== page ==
In 1951, I was ready: I was already married (of course, my husband is also a chemical scientist from the University of Technology) – and was facing the main diploma examination – and pregnant. It was the same with a female colleague from my faculty. We went to see our dean, Dr. Strebinger, to “register for the Main Diploma Examination” … He looked at the candidates one after the other … stood in front of my colleague, shook his head, went on, came up to me, heaved a deep sigh and said in a clear voice: “Oh well, we would have to hire a midwife this time, too!” … and declined our registration.
My daughter Elisabeth nevertheless was born “well” and even became a chemistry-affine pharmacist – It simply cost my colleague and me one more year to get the diploma!
I have looked at all the links listed in this questionnaire and diligently related them to “my era”. I do “wonder” a lot about which “initiatives” seem to be necessary today in order to give female students and graduates of the TU Wien “equal rights” with “men”.
We women “then” neither had any “pioneering spirit” to work to be half of the students at any faculty, nor did we question the dominance of men in teaching. That mechanical or electrical engineering attracted much fewer women than, let’s say, chemistry, was absolutely logical to us (it surely had nothing to do with the concept of “woman back to the kitchen”, i.e. the lab).
And that teaching at the University of Technology was nearly exclusively done by men also was no relic of demonstrative male tactics.
We, the female students, carried our enthusiasm for chemistry into the lecture halls and labs, and contributed a lot to the fact that the inner openness, which girls and women are capable of, communicated itself to male students and teachers. We did not think primarily of future benefits, i.e. “high positions in research and economy” – we brought in enjoyment and enthusiasm for the knowledge and research potential of chemistry.
Therefore, there were hardly any conflicts between male and female students concerning grades, opinions, successful publications and recognition, but we women formed a self-contained pole of a kind of “love for chemistry”!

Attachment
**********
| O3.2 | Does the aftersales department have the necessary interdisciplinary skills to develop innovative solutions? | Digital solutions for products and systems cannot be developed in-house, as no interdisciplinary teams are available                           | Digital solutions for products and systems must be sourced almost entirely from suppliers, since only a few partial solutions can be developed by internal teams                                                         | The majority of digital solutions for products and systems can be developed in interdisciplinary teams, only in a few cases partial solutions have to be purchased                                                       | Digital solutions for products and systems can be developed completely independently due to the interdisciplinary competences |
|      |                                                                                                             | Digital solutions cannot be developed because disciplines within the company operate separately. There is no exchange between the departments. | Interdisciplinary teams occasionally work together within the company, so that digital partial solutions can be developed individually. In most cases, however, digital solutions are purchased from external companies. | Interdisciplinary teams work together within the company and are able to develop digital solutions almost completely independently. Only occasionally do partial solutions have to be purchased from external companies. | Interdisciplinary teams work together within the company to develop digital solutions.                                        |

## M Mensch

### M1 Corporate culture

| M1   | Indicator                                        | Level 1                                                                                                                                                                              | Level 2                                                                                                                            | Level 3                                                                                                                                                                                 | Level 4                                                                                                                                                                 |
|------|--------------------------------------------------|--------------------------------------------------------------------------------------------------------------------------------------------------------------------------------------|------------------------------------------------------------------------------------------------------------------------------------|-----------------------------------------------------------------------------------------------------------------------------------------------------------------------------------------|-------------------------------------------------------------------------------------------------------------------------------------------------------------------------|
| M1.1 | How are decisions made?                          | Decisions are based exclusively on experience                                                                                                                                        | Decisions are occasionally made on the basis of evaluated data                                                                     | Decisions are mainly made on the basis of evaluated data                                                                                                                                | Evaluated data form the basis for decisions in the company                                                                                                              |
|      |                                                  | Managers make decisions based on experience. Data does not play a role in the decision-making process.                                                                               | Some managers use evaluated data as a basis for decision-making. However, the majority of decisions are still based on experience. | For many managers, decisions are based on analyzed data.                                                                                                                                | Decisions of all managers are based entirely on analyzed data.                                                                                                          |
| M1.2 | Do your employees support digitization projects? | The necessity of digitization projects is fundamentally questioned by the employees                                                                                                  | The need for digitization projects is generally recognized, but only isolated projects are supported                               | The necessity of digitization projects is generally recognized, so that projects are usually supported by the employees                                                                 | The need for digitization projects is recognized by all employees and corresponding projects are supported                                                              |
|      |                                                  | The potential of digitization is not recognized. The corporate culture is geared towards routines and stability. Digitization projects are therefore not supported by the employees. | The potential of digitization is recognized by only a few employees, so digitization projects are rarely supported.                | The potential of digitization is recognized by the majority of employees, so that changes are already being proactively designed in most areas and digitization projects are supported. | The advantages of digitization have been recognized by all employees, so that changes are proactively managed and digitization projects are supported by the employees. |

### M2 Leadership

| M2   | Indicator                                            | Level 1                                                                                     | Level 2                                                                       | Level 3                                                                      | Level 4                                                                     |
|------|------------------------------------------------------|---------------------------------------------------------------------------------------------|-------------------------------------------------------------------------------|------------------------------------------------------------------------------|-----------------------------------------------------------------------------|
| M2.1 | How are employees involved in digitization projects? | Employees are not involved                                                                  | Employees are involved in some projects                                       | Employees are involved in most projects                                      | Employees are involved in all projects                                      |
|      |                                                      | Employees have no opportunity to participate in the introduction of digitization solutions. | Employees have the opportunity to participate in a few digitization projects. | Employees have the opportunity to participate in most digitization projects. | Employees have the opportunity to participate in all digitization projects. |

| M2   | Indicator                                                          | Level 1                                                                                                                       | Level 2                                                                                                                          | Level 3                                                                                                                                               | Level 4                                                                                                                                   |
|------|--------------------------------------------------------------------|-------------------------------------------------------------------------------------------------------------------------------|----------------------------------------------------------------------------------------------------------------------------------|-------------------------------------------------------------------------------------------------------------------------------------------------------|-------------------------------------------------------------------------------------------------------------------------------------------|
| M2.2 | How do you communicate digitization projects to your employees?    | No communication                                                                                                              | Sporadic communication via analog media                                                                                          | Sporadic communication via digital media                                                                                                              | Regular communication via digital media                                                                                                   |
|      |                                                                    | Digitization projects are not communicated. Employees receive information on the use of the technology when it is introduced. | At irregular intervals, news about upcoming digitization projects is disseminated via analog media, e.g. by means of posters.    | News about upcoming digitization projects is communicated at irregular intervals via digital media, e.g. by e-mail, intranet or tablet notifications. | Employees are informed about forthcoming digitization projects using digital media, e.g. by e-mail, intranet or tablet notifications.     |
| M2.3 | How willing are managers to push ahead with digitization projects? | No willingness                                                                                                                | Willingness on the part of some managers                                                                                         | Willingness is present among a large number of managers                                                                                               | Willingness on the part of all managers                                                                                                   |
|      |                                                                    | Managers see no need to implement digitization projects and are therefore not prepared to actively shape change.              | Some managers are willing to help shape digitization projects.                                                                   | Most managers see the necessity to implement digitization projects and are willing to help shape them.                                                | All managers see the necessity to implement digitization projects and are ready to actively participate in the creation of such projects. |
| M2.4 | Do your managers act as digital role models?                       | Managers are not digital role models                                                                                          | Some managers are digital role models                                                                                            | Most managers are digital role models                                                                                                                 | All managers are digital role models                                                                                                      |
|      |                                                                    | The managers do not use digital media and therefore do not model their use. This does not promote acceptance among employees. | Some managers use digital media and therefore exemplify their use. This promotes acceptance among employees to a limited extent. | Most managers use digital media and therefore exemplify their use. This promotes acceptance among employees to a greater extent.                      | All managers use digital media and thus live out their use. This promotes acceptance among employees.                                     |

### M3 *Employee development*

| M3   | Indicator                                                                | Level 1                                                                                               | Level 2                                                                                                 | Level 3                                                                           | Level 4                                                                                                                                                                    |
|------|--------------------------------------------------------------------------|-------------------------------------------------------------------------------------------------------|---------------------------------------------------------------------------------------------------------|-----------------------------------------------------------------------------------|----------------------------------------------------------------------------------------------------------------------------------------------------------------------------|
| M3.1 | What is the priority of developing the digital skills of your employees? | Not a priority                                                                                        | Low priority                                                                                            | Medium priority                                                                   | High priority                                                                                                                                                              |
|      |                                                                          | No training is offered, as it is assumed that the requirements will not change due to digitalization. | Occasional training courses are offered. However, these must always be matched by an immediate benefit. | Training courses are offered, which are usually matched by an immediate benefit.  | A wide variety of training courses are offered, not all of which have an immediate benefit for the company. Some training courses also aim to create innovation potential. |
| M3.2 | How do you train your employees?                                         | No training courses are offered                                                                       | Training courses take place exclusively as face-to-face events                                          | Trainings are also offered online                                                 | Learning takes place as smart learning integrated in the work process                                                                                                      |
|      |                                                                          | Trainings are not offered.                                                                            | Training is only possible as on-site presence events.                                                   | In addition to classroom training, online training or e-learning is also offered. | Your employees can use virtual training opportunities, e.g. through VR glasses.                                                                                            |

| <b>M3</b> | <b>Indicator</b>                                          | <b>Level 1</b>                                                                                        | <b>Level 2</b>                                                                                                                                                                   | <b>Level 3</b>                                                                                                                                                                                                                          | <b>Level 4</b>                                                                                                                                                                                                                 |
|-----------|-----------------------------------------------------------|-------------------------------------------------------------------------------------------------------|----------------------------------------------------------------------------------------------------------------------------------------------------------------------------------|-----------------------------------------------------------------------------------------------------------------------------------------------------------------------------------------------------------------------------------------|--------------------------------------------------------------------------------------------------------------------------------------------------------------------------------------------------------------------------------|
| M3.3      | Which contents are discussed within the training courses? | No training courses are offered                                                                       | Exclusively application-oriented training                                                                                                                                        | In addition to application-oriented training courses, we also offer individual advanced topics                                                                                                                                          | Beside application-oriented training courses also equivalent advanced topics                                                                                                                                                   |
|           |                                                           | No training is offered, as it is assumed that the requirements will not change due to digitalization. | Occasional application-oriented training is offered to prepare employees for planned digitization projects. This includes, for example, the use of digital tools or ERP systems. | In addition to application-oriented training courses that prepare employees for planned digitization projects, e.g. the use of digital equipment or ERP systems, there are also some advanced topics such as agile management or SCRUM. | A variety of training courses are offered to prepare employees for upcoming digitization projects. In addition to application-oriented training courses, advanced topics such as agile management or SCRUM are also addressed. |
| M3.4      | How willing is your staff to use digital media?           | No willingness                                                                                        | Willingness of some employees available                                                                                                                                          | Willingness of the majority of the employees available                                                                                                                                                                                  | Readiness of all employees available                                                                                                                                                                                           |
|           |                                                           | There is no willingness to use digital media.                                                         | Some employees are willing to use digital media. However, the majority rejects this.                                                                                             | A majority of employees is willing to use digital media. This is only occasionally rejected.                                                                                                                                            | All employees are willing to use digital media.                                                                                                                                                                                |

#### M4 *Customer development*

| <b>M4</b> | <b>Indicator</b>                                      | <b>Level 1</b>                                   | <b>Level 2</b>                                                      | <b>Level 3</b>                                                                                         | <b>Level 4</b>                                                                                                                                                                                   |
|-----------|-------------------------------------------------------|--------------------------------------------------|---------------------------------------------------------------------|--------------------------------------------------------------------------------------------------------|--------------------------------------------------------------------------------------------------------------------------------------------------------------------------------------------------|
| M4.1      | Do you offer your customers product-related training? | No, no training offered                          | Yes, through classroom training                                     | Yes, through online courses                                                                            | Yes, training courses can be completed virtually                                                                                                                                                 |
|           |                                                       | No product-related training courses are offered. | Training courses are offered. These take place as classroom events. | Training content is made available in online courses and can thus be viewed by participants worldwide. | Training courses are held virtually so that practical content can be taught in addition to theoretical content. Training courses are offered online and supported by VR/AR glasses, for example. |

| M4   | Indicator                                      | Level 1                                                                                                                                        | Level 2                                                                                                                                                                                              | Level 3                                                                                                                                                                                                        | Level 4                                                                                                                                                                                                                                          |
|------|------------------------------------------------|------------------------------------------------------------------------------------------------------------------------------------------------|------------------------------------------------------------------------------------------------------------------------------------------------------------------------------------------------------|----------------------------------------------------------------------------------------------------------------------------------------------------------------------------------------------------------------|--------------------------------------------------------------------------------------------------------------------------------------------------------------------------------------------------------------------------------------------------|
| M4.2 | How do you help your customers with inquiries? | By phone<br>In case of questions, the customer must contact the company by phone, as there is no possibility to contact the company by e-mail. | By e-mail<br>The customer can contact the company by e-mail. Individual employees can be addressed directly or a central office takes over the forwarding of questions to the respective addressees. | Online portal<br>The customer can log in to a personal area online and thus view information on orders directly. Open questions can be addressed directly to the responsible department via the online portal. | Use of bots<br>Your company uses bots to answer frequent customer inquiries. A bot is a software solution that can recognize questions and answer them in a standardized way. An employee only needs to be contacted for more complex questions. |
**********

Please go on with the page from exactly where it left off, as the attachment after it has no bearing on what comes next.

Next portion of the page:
Aspects of the future? We never felt that the career after our diploma will bring us “wealth and happiness in this world”. We just wanted to “advance” chemistry by what we did and by our commitment, whether as researchers, teachers or well-known industrial chemist.
It nearly hurts when I feel the realisation – or is it just a feeling? – emerge that a materialist component starts to gain on the “love for chemistry”, in which the question of men and women is also styled as an argument of statistical results.
I am already 91 years old. This might be one argument in order to rate me as no longer “in”. But: I became a chemist at the TU Wien, after my chemistry teacher at the Realgymnasium had aroused my enthusiasm for this subject … I struggled through under conditions which were far from carefree … I was able to communicate my love and my knowledge of chemistry to a lot of young people … Chemistry was a good part of my life, which has been infinitely happy!
I wish all students that they will be able to experience the conclusion of my decade-long pleasure:
To be able to be a student,
To love the chosen faculty,
To give the fruits of one’s labours more to others than to oneself,
And to value what we all love, “our science”, higher than the materialist or statistical value to ourselves.